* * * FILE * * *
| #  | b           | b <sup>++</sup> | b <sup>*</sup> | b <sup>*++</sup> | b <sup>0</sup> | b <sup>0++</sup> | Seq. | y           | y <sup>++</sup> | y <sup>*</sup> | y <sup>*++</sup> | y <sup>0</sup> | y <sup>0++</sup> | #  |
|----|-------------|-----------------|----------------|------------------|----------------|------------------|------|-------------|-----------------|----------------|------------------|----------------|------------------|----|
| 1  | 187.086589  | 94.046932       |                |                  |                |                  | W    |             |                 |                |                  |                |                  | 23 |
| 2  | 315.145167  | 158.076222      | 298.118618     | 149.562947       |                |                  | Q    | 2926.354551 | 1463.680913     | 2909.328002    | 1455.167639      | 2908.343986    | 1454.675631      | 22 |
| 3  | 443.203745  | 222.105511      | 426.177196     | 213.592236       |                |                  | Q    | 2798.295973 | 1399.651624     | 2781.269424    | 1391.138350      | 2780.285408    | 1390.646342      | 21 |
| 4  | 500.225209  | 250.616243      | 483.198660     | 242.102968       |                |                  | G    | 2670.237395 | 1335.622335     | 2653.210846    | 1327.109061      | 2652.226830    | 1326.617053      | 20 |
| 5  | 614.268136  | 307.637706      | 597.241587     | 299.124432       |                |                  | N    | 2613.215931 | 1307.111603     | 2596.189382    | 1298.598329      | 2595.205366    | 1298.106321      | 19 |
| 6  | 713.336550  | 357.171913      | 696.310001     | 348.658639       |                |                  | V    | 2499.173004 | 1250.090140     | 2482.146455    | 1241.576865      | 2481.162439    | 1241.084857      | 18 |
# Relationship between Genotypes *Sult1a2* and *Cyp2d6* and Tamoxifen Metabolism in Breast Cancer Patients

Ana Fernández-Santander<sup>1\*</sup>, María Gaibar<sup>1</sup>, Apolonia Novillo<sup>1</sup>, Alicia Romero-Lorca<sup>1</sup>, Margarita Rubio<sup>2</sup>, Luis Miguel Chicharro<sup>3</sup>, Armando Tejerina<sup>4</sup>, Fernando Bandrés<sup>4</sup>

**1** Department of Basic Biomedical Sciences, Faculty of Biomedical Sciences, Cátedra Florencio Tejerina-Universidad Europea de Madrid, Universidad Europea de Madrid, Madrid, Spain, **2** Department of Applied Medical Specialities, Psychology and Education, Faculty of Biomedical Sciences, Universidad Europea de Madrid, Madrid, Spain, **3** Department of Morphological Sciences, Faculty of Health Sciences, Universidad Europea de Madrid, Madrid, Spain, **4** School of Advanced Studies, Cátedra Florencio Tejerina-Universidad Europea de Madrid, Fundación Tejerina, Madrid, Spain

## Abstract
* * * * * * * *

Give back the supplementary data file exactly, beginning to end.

| #  | b           | b <sup>++</sup> | b <sup>*</sup> | b <sup>*++</sup> | b <sup>0</sup> | b <sup>0++</sup> | Seq. | y           | y <sup>++</sup> | y <sup>*</sup> | y <sup>*++</sup> | y <sup>0</sup> | y <sup>0++</sup> | #  |
|----|-------------|-----------------|----------------|------------------|----------------|------------------|------|-------------|-----------------|----------------|------------------|----------------|------------------|----|
| 1  | 187.086589  | 94.046932       |                |                  |                |                  | W    |             |                 |                |                  |                |                  | 23 |
| 2  | 315.145167  | 158.076222      | 298.118618     | 149.562947       |                |                  | Q    | 2926.354551 | 1463.680913     | 2909.328002    | 1455.167639      | 2908.343986    | 1454.675631      | 22 |
| 3  | 443.203745  | 222.105511      | 426.177196     | 213.592236       |                |                  | Q    | 2798.295973 | 1399.651624     | 2781.269424    | 1391.138350      | 2780.285408    | 1390.646342      | 21 |
| 4  | 500.225209  | 250.616243      | 483.198660     | 242.102968       |                |                  | G    | 2670.237395 | 1335.622335     | 2653.210846    | 1327.109061      | 2652.226830    | 1326.617053      | 20 |
| 5  | 614.268136  | 307.637706      | 597.241587     | 299.124432       |                |                  | N    | 2613.215931 | 1307.111603     | 2596.189382    | 1298.598329      | 2595.205366    | 1298.106321      | 19 |
| 6  | 713.336550  | 357.171913      | 696.310001     | 348.658639       |                |                  | V    | 2499.173004 | 1250.090140     | 2482.146455    | 1241.576865      | 2481.162439    | 1241.084857      | 18 |
# Relationship between Genotypes *Sult1a2* and *Cyp2d6* and Tamoxifen Metabolism in Breast Cancer Patients

Ana Fernández-Santander<sup>1\*</sup>, María Gaibar<sup>1</sup>, Apolonia Novillo<sup>1</sup>, Alicia Romero-Lorca<sup>1</sup>, Margarita Rubio<sup>2</sup>, Luis Miguel Chicharro<sup>3</sup>, Armando Tejerina<sup>4</sup>, Fernando Bandrés<sup>4</sup>

**1** Department of Basic Biomedical Sciences, Faculty of Biomedical Sciences, Cátedra Florencio Tejerina-Universidad Europea de Madrid, Universidad Europea de Madrid, Madrid, Spain, **2** Department of Applied Medical Specialities, Psychology and Education, Faculty of Biomedical Sciences, Universidad Europea de Madrid, Madrid, Spain, **3** Department of Morphological Sciences, Faculty of Health Sciences, Universidad Europea de Madrid, Madrid, Spain, **4** School of Advanced Studies, Cátedra Florencio Tejerina-Universidad Europea de Madrid, Fundación Tejerina, Madrid, Spain

## Abstract